Saint Louis Bertrand was exceptionally pious as a child, reciting daily the Office of Our Lady and attending different churches in order to conceal from the knowledge of others his frequent reception of the Holy Eucharist. He was received into Saint Dominic’s order when nineteen years old and was ordained before he was twenty-two.  By the practice of outstanding virtue, self-denial and penance, he furnished for his novices a perfect model for their imitation.

In 1551, at the age of twenty-five, he was made master of novices, and in this post he formed many great servants of God. It is said that despite his strictness, he was so gentle that his chastisements were more agreeable to his novices than the favors of their best friends.

In the year 1562, Saint Louis Bertrand was sent from his native Valencia, Spain, to South America, where he worked for seven years among the Indians in the northwestern part of the continent, among the tribe of the Caribs in the Caribbean Islands, and among the natives on the Isthmus of Panama. During these missionary years he was favored with the gift of tongues. While speaking to the natives in Castilian, he was understood by all and often spoke in languages with which he was naturally unfamiliar. His preaching was accompanied by many miracles and prophecies. He once raised a girl to life by the application of a Rosary and often attributed to the intercession of Our Lady the miraculous powers he manifested.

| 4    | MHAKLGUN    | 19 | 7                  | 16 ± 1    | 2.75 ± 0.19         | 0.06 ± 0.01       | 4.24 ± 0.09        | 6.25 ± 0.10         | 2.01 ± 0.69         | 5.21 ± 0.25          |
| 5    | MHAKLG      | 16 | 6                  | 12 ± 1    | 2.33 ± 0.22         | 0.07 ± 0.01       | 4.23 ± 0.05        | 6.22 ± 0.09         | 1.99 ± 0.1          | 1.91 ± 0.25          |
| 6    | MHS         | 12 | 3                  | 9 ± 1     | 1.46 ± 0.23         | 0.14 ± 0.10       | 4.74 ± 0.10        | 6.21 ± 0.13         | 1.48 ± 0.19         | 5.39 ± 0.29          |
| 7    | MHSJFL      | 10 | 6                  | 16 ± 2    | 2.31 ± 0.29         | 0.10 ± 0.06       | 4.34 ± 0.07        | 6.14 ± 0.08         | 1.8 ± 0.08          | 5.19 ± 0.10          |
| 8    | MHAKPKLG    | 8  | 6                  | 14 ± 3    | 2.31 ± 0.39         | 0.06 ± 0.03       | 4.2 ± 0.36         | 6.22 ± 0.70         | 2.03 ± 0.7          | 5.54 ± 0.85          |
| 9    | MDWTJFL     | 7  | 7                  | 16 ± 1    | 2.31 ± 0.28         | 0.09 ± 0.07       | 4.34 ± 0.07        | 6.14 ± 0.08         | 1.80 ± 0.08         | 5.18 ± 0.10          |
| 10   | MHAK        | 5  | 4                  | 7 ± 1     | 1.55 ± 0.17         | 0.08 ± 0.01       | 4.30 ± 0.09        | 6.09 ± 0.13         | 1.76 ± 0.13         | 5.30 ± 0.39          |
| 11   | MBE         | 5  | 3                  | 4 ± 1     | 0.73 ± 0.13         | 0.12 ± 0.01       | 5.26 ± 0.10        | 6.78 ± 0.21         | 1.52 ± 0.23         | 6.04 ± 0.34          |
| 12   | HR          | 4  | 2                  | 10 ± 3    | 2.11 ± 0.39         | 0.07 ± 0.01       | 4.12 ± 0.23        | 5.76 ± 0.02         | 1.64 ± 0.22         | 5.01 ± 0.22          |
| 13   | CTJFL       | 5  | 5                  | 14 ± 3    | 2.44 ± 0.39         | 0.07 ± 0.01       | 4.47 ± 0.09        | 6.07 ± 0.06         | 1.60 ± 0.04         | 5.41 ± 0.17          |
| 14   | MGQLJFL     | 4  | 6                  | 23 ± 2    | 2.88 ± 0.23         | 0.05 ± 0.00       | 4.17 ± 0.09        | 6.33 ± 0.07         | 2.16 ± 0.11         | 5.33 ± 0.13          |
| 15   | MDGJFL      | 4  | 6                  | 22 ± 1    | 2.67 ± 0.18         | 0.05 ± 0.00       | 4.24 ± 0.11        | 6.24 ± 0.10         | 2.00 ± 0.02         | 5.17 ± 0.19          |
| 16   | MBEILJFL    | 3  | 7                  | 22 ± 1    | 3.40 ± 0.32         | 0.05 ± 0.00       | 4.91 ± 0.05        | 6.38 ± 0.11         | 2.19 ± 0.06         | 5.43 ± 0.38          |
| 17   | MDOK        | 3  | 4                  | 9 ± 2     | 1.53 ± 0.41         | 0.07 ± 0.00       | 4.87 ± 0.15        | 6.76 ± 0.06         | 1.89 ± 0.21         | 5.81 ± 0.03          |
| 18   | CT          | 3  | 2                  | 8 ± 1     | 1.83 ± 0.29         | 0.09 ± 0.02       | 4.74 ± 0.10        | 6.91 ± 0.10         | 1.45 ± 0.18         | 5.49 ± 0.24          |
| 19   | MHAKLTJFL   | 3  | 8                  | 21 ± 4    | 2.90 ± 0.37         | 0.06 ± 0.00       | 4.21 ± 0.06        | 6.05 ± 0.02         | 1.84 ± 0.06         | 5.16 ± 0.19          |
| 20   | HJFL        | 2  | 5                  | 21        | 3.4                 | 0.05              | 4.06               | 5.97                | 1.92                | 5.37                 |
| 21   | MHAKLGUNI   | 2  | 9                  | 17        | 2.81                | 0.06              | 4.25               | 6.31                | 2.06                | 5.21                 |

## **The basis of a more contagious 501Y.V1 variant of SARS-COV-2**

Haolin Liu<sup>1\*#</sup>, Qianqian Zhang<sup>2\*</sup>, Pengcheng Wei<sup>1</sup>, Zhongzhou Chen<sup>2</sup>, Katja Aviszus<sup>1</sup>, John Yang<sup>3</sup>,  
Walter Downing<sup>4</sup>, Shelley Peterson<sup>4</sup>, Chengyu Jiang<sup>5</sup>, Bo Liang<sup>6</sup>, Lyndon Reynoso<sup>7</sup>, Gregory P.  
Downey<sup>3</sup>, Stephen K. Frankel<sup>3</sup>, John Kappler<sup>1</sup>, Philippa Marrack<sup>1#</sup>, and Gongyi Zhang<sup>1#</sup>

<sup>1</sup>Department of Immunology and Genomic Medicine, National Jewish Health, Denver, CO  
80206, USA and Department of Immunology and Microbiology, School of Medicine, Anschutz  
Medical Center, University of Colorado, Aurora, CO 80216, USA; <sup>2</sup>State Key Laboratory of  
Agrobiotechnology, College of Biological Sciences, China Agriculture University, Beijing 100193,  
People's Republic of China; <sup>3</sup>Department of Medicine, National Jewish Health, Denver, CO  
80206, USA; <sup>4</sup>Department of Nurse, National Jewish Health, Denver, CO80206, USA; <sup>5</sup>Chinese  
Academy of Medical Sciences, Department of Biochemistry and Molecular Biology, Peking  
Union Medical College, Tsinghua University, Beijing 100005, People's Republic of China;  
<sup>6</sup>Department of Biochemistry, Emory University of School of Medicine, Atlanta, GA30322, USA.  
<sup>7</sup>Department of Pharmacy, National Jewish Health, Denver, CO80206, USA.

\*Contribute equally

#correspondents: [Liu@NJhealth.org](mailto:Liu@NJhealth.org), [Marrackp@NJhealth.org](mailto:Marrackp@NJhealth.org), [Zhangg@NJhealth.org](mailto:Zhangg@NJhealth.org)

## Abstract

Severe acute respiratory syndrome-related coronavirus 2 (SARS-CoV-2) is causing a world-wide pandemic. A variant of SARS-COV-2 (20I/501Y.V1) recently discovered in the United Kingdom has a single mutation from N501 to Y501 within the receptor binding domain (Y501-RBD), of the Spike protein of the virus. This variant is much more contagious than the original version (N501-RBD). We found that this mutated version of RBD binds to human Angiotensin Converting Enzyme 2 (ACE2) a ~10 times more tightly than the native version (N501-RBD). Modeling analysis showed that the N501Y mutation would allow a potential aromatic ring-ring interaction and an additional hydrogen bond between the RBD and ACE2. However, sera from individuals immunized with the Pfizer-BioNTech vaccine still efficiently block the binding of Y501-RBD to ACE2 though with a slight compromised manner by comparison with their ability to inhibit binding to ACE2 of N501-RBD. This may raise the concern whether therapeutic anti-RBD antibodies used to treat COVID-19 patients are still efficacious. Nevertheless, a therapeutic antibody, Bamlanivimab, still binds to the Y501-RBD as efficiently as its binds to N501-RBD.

In his mission at Tubera he himself baptized 10,500 Indians, without counting those his companions baptized, and obliged them to burn their idols and the sites of their detestable sacrifices. Often his gentleness charmed his worst enemies. He preached also at Capicoa and Paluato, having established missions there. He refused all remuneration; he brought down rain after a drought. He was poisoned by some pagans who had suffered a reproach, but the poison did not harm him, and the barbarians were converted by the miracle. He went to many other places, preaching and healing the sick; again he was poisoned without effect. There was no one who did not consider him a Saint, sent for the benefit of the new continent.